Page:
Game Charting Insights: Contested ReboundsRebounds have a wide range in degree of difficulty, and so this exercise is designed to begin to understand the frequency of contested rebounds versus uncontested ones, and to make distinctions between them. We also can look at the impact of shot location on rebounds, shot clock timing, and other facets of hitting the boards
Project scope: we'll be tracking "contestedness levels" as well as shot location and rebound location.
This is admittedly venturing into much more subjective territory, but charters tracked:
A) how many players for each team were in the vicinity of where the ball went for the potential rebound, and
In essence how many guys are in reasonable range to get a chance at it -- eg guys might be posting up on the left side ready to grab the rebound but if the ball bounces out to the right they are not contesting the rebound since they're not close to the ball. On the other hand a player may be in position, blocking out, etc and just failed to jump or had the ball go past them.
uncontested -- 1 or more players for one team, 0 players in range for the other team
Here's how the splits turned out from our sample:
Now you may be wondering how can the uncontested rebounds not always go to the team with the only player going for the rebound? and the answer is that you're dealing with the classic dropping the ball out of bounds/stepping out of bounds maneuver.
Aside from that, the points that seem to jump out from this are:
Still it does seem clear that the range of difficulty when it comes to rebounds is pretty large. A more substantial rebounding rating should then look at the specifics of a rebound and not just count them all as one more tally in the scoresheet.
Another implication may be that not sending anyone to the offensive glass could be a mistake, since even when outnumbered the offensive team grabs the ball at a pretty healthy clip. Of course a true answer to this requires looking at "sending guys to the glass" versus the ensuing possession for the former defensive team in the event your 'sent guys' don't corral the rebound.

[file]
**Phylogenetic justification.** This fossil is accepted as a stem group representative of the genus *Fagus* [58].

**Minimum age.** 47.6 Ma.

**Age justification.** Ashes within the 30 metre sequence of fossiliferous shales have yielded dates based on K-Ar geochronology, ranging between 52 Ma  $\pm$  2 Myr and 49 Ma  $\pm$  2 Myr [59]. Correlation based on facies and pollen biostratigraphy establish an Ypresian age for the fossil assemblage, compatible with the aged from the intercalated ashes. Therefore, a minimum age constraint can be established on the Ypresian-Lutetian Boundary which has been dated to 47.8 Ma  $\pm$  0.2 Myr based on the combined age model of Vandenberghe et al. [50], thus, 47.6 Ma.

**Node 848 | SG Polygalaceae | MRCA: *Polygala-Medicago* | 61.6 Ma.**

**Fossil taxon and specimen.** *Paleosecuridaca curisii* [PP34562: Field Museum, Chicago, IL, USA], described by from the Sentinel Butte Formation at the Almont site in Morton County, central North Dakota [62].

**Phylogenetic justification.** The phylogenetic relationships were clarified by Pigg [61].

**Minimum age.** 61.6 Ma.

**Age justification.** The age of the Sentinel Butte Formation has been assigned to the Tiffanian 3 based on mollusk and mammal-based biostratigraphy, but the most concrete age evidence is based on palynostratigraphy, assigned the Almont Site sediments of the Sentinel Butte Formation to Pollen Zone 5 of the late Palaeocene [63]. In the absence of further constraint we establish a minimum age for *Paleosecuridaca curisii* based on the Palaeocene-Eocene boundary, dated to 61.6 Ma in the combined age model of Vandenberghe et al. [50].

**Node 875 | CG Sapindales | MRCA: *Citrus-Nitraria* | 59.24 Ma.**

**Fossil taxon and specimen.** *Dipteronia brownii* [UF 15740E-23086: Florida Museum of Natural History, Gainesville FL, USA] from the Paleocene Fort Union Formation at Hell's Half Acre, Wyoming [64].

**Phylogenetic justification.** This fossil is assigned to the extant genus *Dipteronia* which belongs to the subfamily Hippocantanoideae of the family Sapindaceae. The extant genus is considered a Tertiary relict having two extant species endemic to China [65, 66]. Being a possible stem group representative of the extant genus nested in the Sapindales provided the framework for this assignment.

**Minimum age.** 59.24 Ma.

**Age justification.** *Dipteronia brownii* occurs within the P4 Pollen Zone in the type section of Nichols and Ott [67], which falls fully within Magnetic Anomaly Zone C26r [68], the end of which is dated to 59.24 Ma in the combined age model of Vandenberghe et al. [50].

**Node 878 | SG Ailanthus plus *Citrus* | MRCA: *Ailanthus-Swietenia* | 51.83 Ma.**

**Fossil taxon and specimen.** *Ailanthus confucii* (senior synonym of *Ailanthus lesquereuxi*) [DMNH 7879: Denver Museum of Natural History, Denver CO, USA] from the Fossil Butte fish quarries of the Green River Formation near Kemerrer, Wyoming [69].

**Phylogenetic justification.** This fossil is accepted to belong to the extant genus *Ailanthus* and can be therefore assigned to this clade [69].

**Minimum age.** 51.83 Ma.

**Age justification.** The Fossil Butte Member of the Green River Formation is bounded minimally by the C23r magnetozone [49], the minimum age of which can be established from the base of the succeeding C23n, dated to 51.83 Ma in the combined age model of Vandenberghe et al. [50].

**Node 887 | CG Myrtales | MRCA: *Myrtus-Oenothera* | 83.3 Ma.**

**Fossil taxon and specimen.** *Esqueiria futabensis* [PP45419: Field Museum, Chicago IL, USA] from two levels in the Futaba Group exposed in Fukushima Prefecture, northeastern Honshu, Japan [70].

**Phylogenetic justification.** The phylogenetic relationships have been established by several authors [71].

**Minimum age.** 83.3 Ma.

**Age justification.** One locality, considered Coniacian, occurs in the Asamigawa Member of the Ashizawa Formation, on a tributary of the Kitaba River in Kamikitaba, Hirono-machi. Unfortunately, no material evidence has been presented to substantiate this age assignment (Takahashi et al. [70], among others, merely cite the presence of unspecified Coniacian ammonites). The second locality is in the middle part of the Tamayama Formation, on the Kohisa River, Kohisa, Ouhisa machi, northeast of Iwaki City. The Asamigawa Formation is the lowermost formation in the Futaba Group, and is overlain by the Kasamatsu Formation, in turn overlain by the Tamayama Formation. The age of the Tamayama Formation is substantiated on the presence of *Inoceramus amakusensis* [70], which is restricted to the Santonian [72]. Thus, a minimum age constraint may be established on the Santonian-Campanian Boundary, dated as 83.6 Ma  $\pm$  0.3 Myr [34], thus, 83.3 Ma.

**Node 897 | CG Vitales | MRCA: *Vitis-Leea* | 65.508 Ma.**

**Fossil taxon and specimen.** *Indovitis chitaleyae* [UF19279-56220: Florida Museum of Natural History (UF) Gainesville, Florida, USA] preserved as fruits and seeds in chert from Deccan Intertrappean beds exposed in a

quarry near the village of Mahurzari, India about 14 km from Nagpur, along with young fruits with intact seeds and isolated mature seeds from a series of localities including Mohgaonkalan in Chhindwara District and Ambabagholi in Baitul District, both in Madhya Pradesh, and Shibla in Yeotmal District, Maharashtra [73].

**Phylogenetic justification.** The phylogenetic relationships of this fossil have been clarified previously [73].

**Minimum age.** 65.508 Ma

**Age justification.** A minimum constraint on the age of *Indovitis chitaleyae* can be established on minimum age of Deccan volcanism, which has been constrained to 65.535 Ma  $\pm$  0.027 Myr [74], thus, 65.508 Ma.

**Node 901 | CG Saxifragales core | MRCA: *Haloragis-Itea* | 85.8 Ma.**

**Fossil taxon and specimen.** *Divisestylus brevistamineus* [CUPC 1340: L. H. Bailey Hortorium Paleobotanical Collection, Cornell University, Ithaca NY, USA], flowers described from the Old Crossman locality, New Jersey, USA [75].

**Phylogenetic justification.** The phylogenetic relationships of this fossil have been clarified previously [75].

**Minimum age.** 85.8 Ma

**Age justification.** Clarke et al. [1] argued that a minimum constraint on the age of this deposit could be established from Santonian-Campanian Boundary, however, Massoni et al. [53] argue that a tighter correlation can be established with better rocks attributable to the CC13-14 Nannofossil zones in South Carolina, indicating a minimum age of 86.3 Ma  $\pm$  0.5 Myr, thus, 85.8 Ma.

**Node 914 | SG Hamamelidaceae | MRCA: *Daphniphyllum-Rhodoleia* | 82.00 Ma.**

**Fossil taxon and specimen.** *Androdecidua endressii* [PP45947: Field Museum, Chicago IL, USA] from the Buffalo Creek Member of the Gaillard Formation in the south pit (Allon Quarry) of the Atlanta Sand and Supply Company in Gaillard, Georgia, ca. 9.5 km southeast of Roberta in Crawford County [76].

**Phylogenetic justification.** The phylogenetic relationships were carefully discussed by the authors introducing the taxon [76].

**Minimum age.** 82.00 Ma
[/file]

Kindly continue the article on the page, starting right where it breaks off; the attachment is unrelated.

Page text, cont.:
Let's move on now to looking at the details of the type of shot versus frequency of being contested.
Basically zones 1 to 5 are three point locations, 6 to 10 are two point zones outside the paint, and zones 11 to 14 are in the paint. For any backcourt events we use a "-1" zone, and once in a while you get a "zone 0" for deep frontcourt events (like a foul crossing halfcourt or something)
Three-Pointers -- self explanatory really, zones 1 to 5 on our map
...and also show the overall "contested" percentages where each team had at least one player in range to go for the rebound.
TWO-POINT JUMP SHOTS
IN THE PAINT
So no shock here, but the "in the paint" shots lead to more contested rebounds, and the highest offensive rebound rate, with three-pointers being close, but those pesky two-point jumpers from outside, which we've picked on in other articles, are once again the least effective for the offensive team in terms of producing second chances!
We're only showing the three groups here, but as you might expect, there are differences between a baseline shot and say a similar distance shot from the wings.
Now one supposed quality of great rebounders is knowing where the ball is likely to go if it misses, and we can provide some data on that...
We'll again use the fourteen zone scheme for both where a shot was taken from and where it was rebounded, but grouping zones for ease of analysis into:
Long rebounds -- all three point zones (1 to 5) and the straightaway two from the free throw line (zone 8)
In addition, we'll track a left/right skew for the medium/short zones, which is:
Left -- zones 6, 7, 11, 13
So yes, the three point shots produce more medium and long rebounds, especially from the wings and straightaway. More importantly there's strong evidence that long range missed shots tend to go beyond the basket, so a left side three point shot ends up in a right side zone and vice versa.
Now our sample sizes aren't great which probably explains some of the inconsistency in certain mirror image zones. Furthermore a bank shot probably has a markedly different "miss spray" then a straight at the hoop attempt. This is something that may be worth addressing over a full season of shots, at which point you can also start digging into the tendencies of specific players.
An interesting parallel may be what is being done in baseball for fielding ratings by our friends at PROTRADE and other places -- with data on the path of every batted ball, strength and height, they can then draw up averages as to how often a ball hit in a certain way has "typically" been converted into an out, a single, a double, etc and grade players versus their performance on "similar" fielding opportunties compared to the rest of the league.
This makes sense in the NBA to some degree since rebounding involves not just leaping and timing, but also positioning, blocking out, judging the flight of the ball, etc which are all captured reasonably well in the above, but as we also mentioned earlier it may not fully reflect everything that's happening. Still, it would be a worthwhile starting point.
You want to see these kinds of individual player rebounding stats? So do we...stay tuned!
Next up: touches and dribbles!
Game Charters for the "Contested Rebound" Project:
Thanks as always to the noble efforts of the charters -- they are the ones who will be pushing NBA statistical analysis to new heights!
Interested in doing some game charting? Send a message to:
Copyright © 2006 by 82games.com, All Rights Reserved